BioMed Research International

BioMed Research International / 2015 / Article
Special Issue

Bridging the Gap between Translational and Outcome Research in Cardiovascular Disease

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Research Article | Open Access

Volume 2015 |Article ID 673018 | 7 pages |

Is Lipoprotein-Associated Phospholipase A2 a Link between Inflammation and Subclinical Atherosclerosis in Rheumatoid Arthritis?

Academic Editor: Giuseppe Biondi-Zoccai
Received07 Mar 2015
Accepted23 Apr 2015
Published04 Oct 2015


Objective. Lipoprotein-associated phospholipase A2 (Lp-PLA2), a marker of vascular inflammation, is associated with cardiovascular disease. This prospective study of an inception cohort aimed to investigate whether the level of Lp-PLA2 is associated with subclinical atherosclerosis in patients with rheumatoid arthritis (RA). Methods. Patients from northern Sweden diagnosed with early RA were consecutively recruited into an ongoing prospective study. From these, all patients ≤60 years () were included for measurements of subclinical atherosclerosis at inclusion (T0) and five years later (T5). Forty age- and sex-matched controls were included. The patients were clinically assessed, SCORE, Reynolds Risk Score, and Larsen score were calculated, and blood samples were drawn from all individuals at T0 and T5. Results. There was no significant difference in the level of Lp-PLA2 between patients with RA and controls (). In simple linear regression models among patients with RA, Lp-PLA2 at T0 was significantly associated with intima media thickness (IMT) at T0 and T5, flow mediated dilation (FMD) at T0 and T5, ever smoking, male sex, HDL-cholesterol (inversely), non-HDL-cholesterol, SCORE, Reynolds Risk Score, and Larsen score (). Conclusion. In this cohort of patients with early RA, the concentration of Lp-PLA2 was associated with both subclinical atherosclerosis and disease severity.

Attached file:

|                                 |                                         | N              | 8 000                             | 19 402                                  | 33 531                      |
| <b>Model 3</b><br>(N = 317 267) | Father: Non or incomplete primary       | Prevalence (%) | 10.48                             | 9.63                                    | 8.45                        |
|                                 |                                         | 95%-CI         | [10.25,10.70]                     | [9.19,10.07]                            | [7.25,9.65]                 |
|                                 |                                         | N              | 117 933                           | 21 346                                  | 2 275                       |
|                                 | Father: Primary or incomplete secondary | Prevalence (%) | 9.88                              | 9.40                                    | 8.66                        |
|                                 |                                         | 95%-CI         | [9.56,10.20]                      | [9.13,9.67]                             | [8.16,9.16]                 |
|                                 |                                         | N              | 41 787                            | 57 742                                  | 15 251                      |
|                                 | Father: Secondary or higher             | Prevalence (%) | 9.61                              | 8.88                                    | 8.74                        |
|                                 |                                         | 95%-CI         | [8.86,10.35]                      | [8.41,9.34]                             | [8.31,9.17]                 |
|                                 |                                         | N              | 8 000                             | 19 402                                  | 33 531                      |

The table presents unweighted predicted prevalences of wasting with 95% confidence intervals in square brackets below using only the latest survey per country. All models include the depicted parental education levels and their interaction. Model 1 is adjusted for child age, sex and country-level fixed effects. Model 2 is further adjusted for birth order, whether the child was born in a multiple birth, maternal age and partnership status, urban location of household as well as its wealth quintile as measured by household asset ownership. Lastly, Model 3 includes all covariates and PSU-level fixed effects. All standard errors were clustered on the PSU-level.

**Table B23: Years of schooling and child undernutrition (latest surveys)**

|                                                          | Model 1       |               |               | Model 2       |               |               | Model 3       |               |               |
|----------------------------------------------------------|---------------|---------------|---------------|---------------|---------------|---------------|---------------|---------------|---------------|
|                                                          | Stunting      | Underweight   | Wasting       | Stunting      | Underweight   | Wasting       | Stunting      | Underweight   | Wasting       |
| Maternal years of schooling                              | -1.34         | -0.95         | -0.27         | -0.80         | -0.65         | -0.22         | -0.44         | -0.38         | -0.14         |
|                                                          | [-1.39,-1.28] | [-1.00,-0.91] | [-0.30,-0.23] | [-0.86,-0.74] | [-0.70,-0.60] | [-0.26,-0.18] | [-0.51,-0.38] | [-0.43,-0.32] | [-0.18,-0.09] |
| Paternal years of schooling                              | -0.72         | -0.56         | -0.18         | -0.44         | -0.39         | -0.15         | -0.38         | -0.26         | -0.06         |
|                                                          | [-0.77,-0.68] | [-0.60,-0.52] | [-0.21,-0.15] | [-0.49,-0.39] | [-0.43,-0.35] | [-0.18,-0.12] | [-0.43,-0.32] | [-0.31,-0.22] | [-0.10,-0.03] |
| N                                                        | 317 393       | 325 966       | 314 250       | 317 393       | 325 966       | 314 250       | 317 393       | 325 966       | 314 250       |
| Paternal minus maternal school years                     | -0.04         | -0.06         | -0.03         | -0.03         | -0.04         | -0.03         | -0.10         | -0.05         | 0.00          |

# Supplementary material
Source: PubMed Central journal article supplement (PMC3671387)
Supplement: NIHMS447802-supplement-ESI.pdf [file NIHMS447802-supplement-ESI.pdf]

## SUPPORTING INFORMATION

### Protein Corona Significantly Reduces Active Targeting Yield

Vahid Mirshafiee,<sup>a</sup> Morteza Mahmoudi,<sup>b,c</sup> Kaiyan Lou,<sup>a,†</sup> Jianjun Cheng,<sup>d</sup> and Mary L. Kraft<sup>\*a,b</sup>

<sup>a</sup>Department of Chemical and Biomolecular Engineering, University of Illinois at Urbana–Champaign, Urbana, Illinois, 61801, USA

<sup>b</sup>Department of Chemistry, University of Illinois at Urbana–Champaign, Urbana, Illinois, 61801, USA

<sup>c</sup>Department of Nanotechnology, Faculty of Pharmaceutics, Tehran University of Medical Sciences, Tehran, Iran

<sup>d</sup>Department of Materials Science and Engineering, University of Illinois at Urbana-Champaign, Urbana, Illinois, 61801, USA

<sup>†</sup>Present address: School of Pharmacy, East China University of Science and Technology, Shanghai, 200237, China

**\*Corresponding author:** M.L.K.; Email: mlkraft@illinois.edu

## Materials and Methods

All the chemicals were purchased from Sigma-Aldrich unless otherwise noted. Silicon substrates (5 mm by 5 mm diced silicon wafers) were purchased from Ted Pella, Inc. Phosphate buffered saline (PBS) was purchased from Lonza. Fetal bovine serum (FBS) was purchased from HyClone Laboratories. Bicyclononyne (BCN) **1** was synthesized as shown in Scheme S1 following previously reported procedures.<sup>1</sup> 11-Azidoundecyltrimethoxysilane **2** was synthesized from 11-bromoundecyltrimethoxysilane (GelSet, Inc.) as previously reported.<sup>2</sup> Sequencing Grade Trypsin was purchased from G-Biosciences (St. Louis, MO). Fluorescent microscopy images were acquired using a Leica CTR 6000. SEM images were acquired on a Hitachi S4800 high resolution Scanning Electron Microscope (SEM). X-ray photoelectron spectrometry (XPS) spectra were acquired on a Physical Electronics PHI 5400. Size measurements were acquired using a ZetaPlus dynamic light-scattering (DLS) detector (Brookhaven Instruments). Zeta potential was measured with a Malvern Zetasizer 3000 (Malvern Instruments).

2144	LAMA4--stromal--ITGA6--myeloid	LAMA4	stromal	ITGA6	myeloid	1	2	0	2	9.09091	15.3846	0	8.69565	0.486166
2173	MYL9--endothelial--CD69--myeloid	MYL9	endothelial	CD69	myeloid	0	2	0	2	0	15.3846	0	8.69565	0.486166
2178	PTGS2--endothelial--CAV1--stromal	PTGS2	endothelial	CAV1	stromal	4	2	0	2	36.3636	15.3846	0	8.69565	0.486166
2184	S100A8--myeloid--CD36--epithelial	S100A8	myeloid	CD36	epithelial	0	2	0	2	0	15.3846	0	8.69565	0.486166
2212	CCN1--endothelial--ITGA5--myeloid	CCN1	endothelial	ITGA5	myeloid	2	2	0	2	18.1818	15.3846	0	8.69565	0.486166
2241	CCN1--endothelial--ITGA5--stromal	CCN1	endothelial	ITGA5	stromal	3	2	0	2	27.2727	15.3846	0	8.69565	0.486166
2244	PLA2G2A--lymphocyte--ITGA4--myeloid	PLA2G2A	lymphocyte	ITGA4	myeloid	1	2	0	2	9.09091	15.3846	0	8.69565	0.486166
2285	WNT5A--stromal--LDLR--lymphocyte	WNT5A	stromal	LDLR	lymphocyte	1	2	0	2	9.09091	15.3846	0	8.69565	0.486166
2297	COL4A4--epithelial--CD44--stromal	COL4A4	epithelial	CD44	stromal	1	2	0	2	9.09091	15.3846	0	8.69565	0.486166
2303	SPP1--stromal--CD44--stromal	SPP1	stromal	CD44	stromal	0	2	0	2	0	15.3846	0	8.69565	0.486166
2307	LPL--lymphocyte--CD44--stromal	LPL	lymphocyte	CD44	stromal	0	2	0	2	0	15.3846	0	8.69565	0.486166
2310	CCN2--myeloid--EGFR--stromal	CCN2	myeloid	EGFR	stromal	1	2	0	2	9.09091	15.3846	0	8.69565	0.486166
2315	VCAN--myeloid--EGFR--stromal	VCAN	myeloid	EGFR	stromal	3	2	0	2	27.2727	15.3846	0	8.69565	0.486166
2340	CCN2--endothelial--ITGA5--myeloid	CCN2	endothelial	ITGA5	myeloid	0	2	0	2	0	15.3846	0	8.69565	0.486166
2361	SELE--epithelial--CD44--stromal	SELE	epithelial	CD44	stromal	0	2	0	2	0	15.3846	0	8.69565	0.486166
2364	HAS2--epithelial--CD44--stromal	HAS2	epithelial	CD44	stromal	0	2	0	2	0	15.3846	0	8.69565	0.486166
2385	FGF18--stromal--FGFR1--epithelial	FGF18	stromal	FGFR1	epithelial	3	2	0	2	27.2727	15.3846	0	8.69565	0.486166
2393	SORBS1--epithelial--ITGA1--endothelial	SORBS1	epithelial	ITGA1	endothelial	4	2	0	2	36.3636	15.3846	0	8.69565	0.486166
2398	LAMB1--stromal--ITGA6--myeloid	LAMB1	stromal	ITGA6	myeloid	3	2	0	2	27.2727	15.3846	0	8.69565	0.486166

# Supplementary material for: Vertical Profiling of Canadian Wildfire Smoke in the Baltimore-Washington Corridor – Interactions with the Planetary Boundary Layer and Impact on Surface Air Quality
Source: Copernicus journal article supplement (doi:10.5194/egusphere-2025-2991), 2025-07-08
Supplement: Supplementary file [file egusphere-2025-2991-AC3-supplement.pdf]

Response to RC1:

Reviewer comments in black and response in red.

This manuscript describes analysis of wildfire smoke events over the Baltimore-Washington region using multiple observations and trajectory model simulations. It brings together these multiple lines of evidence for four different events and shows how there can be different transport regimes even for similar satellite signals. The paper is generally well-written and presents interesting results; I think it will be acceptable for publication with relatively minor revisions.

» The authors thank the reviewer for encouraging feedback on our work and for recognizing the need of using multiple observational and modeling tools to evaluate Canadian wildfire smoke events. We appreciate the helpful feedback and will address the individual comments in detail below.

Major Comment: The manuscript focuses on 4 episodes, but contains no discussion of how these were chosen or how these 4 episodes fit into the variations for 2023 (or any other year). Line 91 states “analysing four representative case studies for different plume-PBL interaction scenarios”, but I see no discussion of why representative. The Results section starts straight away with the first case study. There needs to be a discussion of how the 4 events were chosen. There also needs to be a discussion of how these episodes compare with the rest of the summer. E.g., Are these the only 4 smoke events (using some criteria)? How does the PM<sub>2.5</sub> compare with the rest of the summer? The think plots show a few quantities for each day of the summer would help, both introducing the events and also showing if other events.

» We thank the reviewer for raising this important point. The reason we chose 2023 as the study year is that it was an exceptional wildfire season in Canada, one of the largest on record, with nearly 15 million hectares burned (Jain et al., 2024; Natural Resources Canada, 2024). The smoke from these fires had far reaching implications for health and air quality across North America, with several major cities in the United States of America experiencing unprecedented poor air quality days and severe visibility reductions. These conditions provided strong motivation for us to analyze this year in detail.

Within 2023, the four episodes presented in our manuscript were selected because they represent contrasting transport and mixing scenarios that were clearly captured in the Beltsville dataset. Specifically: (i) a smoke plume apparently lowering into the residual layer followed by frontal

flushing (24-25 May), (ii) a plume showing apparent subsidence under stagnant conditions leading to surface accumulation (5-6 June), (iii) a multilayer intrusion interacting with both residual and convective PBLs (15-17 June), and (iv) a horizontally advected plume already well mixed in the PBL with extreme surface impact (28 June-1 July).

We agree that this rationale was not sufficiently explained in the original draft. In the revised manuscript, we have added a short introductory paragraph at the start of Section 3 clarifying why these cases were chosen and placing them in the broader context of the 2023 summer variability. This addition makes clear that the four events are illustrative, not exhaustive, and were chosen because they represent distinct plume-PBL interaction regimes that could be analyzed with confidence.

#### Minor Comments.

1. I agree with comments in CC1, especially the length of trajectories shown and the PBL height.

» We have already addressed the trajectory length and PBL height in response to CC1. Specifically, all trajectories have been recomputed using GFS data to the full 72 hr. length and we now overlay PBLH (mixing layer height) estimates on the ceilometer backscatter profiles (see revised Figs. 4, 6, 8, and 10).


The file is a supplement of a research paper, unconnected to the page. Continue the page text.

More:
1. Introduction

Patients with rheumatoid arthritis (RA) have increased atherosclerosis compared with the general population [14]. Atherosclerosis is now recognised as an inflammatory disease per se [5] and the two diseases, atherosclerosis and RA, are considered to share many similarities [6], albeit the link between them is, as yet, not evident.

Subclinical atherosclerosis precedes cardiovascular disease (CVD) and an increased intima media thickness (IMT), measured by ultrasonography, is regarded as an early indicator of a generalized atherosclerosis [7]. Several studies in the general population, as well as in patients with RA, have shown a relationship between an increased IMT and a future cardiovascular event [812]. We, and others, have previously shown that patients with established RA have a premature atherosclerosis as measured by an increased IMT of the common carotid artery (CCA) compared with controls [13, 14]. An even earlier sign of atherosclerosis, that is, endothelial dysfunction, indicated by an impaired flow mediated vascular dilation (FMD) of peripheral arteries, can also be measured using ultrasonography [15]. In the general population, FMD has been associated with other established risk factors for CVD and shown to be predictive of a future CV event [1517].